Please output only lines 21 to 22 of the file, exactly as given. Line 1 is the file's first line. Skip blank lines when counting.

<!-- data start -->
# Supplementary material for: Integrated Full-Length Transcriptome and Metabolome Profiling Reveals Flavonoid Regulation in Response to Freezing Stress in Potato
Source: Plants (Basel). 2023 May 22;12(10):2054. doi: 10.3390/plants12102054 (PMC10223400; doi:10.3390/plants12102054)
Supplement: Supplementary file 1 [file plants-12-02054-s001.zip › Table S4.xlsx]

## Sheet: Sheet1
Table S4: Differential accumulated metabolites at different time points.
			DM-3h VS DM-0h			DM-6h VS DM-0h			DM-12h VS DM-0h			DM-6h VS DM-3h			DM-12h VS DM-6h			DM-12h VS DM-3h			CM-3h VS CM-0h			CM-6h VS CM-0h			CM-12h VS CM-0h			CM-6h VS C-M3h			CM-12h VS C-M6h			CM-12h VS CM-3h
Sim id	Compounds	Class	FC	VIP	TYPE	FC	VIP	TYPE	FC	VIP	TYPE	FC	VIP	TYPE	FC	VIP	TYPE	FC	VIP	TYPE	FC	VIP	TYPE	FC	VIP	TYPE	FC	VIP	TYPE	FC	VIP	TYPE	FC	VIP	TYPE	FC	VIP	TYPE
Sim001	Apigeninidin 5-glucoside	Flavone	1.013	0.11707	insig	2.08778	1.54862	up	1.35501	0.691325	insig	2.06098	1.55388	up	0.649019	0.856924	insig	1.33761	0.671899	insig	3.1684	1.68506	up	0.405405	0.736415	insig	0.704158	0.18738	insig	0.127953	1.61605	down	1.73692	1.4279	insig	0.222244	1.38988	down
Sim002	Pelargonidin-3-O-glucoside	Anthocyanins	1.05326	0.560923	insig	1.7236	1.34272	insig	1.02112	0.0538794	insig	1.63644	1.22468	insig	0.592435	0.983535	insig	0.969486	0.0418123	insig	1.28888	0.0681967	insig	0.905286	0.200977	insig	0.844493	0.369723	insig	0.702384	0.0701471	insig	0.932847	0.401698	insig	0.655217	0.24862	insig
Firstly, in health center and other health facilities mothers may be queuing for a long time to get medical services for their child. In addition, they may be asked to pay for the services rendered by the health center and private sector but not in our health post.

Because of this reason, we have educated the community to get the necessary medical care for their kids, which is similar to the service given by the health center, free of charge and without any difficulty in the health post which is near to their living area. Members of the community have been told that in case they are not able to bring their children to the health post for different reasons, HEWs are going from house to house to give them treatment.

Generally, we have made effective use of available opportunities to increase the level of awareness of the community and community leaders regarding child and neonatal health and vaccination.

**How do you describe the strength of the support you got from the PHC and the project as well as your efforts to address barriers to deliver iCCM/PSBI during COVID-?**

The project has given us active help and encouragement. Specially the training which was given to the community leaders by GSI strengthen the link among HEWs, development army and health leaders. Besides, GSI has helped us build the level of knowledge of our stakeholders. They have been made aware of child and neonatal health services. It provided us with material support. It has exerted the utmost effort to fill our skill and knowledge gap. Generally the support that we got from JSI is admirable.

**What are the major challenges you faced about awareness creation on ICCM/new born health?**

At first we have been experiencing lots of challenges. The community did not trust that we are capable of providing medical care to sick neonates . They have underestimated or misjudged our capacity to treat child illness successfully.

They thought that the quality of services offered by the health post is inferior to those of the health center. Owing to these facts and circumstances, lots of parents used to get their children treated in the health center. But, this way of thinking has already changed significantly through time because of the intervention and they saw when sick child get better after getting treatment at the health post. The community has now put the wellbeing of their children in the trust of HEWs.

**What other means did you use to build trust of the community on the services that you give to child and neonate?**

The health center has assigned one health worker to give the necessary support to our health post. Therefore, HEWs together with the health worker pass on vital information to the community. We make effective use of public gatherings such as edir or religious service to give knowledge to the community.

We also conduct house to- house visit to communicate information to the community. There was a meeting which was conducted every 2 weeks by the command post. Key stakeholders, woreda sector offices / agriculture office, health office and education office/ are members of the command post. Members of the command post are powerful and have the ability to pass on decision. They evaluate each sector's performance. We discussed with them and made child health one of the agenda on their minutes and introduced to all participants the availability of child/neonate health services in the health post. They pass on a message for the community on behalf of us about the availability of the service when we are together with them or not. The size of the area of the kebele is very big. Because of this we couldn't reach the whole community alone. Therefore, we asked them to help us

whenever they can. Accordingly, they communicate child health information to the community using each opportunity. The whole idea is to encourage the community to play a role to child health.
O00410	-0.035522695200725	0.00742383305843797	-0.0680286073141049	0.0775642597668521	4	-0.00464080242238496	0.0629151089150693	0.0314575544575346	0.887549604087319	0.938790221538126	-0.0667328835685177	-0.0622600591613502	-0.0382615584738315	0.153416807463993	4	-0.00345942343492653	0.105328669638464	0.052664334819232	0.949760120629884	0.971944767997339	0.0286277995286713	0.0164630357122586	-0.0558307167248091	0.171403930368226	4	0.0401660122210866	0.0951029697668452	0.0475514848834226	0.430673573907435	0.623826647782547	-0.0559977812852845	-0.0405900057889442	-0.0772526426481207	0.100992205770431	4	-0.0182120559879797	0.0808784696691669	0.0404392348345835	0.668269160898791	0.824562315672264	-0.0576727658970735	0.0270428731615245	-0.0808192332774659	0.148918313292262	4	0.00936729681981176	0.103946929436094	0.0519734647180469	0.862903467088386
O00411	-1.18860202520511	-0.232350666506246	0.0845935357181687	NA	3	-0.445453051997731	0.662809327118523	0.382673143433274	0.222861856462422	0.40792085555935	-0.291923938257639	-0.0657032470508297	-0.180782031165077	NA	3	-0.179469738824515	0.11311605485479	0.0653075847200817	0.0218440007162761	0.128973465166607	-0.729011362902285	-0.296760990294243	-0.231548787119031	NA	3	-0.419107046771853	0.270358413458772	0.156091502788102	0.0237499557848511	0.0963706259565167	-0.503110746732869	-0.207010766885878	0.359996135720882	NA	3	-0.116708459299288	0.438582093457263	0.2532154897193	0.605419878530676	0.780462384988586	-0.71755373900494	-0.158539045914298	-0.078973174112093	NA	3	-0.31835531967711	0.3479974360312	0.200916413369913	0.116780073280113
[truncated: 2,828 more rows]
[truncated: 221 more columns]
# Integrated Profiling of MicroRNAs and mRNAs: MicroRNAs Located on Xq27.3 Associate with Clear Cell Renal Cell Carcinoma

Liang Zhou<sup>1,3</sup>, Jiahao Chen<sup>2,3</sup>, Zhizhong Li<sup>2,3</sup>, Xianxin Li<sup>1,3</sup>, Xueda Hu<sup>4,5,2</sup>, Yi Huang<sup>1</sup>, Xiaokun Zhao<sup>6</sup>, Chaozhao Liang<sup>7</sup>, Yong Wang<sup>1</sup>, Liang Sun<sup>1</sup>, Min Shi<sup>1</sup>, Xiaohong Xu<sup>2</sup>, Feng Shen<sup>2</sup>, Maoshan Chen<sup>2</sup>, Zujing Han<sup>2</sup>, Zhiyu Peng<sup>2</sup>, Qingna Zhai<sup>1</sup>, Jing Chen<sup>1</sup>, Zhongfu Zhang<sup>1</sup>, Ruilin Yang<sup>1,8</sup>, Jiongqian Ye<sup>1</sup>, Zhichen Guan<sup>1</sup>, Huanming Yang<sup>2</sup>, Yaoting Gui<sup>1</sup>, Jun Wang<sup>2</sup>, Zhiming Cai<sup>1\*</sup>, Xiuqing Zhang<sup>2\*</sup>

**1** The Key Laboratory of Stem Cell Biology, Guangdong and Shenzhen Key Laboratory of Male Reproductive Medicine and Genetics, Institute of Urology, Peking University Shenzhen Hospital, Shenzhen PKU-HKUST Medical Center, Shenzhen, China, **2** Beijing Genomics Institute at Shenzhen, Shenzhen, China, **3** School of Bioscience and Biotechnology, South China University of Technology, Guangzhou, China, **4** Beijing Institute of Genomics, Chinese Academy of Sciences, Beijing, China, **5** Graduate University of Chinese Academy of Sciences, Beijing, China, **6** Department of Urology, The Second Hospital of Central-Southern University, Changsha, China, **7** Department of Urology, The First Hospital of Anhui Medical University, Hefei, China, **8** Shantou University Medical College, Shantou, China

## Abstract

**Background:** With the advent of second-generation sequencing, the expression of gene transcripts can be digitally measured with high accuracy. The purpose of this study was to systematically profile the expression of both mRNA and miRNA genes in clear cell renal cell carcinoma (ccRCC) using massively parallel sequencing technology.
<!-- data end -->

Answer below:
whenever they can. Accordingly, they communicate child health information to the community using each opportunity. The whole idea is to encourage the community to play a role to child health.
O00410	-0.035522695200725	0.00742383305843797	-0.0680286073141049	0.0775642597668521	4	-0.00464080242238496	0.0629151089150693	0.0314575544575346	0.887549604087319	0.938790221538126	-0.0667328835685177	-0.0622600591613502	-0.0382615584738315	0.153416807463993	4	-0.00345942343492653	0.105328669638464	0.052664334819232	0.949760120629884	0.971944767997339	0.0286277995286713	0.0164630357122586	-0.0558307167248091	0.171403930368226	4	0.0401660122210866	0.0951029697668452	0.0475514848834226	0.430673573907435	0.623826647782547	-0.0559977812852845	-0.0405900057889442	-0.0772526426481207	0.100992205770431	4	-0.0182120559879797	0.0808784696691669	0.0404392348345835	0.668269160898791	0.824562315672264	-0.0576727658970735	0.0270428731615245	-0.0808192332774659	0.148918313292262	4	0.00936729681981176	0.103946929436094	0.0519734647180469	0.862903467088386